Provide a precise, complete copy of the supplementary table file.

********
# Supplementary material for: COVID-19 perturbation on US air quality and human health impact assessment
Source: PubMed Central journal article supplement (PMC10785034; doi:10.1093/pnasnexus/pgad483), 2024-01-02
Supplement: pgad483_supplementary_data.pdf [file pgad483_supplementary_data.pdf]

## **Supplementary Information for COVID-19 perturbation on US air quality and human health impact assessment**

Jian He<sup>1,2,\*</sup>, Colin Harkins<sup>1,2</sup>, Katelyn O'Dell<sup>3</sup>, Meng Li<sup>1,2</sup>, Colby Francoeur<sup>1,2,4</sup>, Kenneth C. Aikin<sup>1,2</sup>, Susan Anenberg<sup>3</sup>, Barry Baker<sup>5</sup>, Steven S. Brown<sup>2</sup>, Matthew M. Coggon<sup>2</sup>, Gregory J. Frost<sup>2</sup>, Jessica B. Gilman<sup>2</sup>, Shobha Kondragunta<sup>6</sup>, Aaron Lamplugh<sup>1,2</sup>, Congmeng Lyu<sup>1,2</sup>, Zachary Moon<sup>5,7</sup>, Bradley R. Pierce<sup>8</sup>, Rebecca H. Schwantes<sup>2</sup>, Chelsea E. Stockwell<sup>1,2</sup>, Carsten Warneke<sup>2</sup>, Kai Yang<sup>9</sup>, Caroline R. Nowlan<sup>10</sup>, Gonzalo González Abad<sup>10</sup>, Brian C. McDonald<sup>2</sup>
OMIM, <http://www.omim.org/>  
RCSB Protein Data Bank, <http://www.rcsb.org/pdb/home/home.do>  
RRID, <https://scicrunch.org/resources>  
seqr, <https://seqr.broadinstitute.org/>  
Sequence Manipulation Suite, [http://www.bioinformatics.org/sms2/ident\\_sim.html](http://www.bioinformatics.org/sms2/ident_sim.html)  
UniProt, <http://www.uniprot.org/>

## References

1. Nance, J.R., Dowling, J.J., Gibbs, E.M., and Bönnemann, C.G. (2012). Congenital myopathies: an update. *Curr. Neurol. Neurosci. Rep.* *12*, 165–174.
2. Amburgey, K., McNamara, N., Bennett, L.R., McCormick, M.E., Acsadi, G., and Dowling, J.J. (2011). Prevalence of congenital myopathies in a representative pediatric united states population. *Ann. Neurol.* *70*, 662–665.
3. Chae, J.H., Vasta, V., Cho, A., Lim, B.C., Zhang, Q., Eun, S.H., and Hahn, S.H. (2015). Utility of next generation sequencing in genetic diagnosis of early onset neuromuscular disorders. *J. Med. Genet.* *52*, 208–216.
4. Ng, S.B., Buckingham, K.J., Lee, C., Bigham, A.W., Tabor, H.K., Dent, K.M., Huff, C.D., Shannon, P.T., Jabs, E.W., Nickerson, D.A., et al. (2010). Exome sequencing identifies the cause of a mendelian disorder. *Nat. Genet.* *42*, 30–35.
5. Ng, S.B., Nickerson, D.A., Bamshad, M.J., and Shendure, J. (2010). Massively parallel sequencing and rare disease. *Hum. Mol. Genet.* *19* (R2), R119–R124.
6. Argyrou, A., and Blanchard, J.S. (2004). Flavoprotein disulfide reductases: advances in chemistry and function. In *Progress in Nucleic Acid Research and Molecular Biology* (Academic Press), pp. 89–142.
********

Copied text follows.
# Supplementary material for: COVID-19 perturbation on US air quality and human health impact assessment
Source: PubMed Central journal article supplement (PMC10785034; doi:10.1093/pnasnexus/pgad483), 2024-01-02
Supplement: pgad483_supplementary_data.pdf [file pgad483_supplementary_data.pdf]

## **Supplementary Information for COVID-19 perturbation on US air quality and human health impact assessment**

Jian He<sup>1,2,\*</sup>, Colin Harkins<sup>1,2</sup>, Katelyn O'Dell<sup>3</sup>, Meng Li<sup>1,2</sup>, Colby Francoeur<sup>1,2,4</sup>, Kenneth C. Aikin<sup>1,2</sup>, Susan Anenberg<sup>3</sup>, Barry Baker<sup>5</sup>, Steven S. Brown<sup>2</sup>, Matthew M. Coggon<sup>2</sup>, Gregory J. Frost<sup>2</sup>, Jessica B. Gilman<sup>2</sup>, Shobha Kondragunta<sup>6</sup>, Aaron Lamplugh<sup>1,2</sup>, Congmeng Lyu<sup>1,2</sup>, Zachary Moon<sup>5,7</sup>, Bradley R. Pierce<sup>8</sup>, Rebecca H. Schwantes<sup>2</sup>, Chelsea E. Stockwell<sup>1,2</sup>, Carsten Warneke<sup>2</sup>, Kai Yang<sup>9</sup>, Caroline R. Nowlan<sup>10</sup>, Gonzalo González Abad<sup>10</sup>, Brian C. McDonald<sup>2</sup>
OMIM, <http://www.omim.org/>  
RCSB Protein Data Bank, <http://www.rcsb.org/pdb/home/home.do>  
RRID, <https://scicrunch.org/resources>  
seqr, <https://seqr.broadinstitute.org/>  
Sequence Manipulation Suite, [http://www.bioinformatics.org/sms2/ident\\_sim.html](http://www.bioinformatics.org/sms2/ident_sim.html)  
UniProt, <http://www.uniprot.org/>

## References

1. Nance, J.R., Dowling, J.J., Gibbs, E.M., and Bönnemann, C.G. (2012). Congenital myopathies: an update. *Curr. Neurol. Neurosci. Rep.* *12*, 165–174.
2. Amburgey, K., McNamara, N., Bennett, L.R., McCormick, M.E., Acsadi, G., and Dowling, J.J. (2011). Prevalence of congenital myopathies in a representative pediatric united states population. *Ann. Neurol.* *70*, 662–665.
3. Chae, J.H., Vasta, V., Cho, A., Lim, B.C., Zhang, Q., Eun, S.H., and Hahn, S.H. (2015). Utility of next generation sequencing in genetic diagnosis of early onset neuromuscular disorders. *J. Med. Genet.* *52*, 208–216.
4. Ng, S.B., Buckingham, K.J., Lee, C., Bigham, A.W., Tabor, H.K., Dent, K.M., Huff, C.D., Shannon, P.T., Jabs, E.W., Nickerson, D.A., et al. (2010). Exome sequencing identifies the cause of a mendelian disorder. *Nat. Genet.* *42*, 30–35.
5. Ng, S.B., Nickerson, D.A., Bamshad, M.J., and Shendure, J. (2010). Massively parallel sequencing and rare disease. *Hum. Mol. Genet.* *19* (R2), R119–R124.
6. Argyrou, A., and Blanchard, J.S. (2004). Flavoprotein disulfide reductases: advances in chemistry and function. In *Progress in Nucleic Acid Research and Molecular Biology* (Academic Press), pp. 89–142.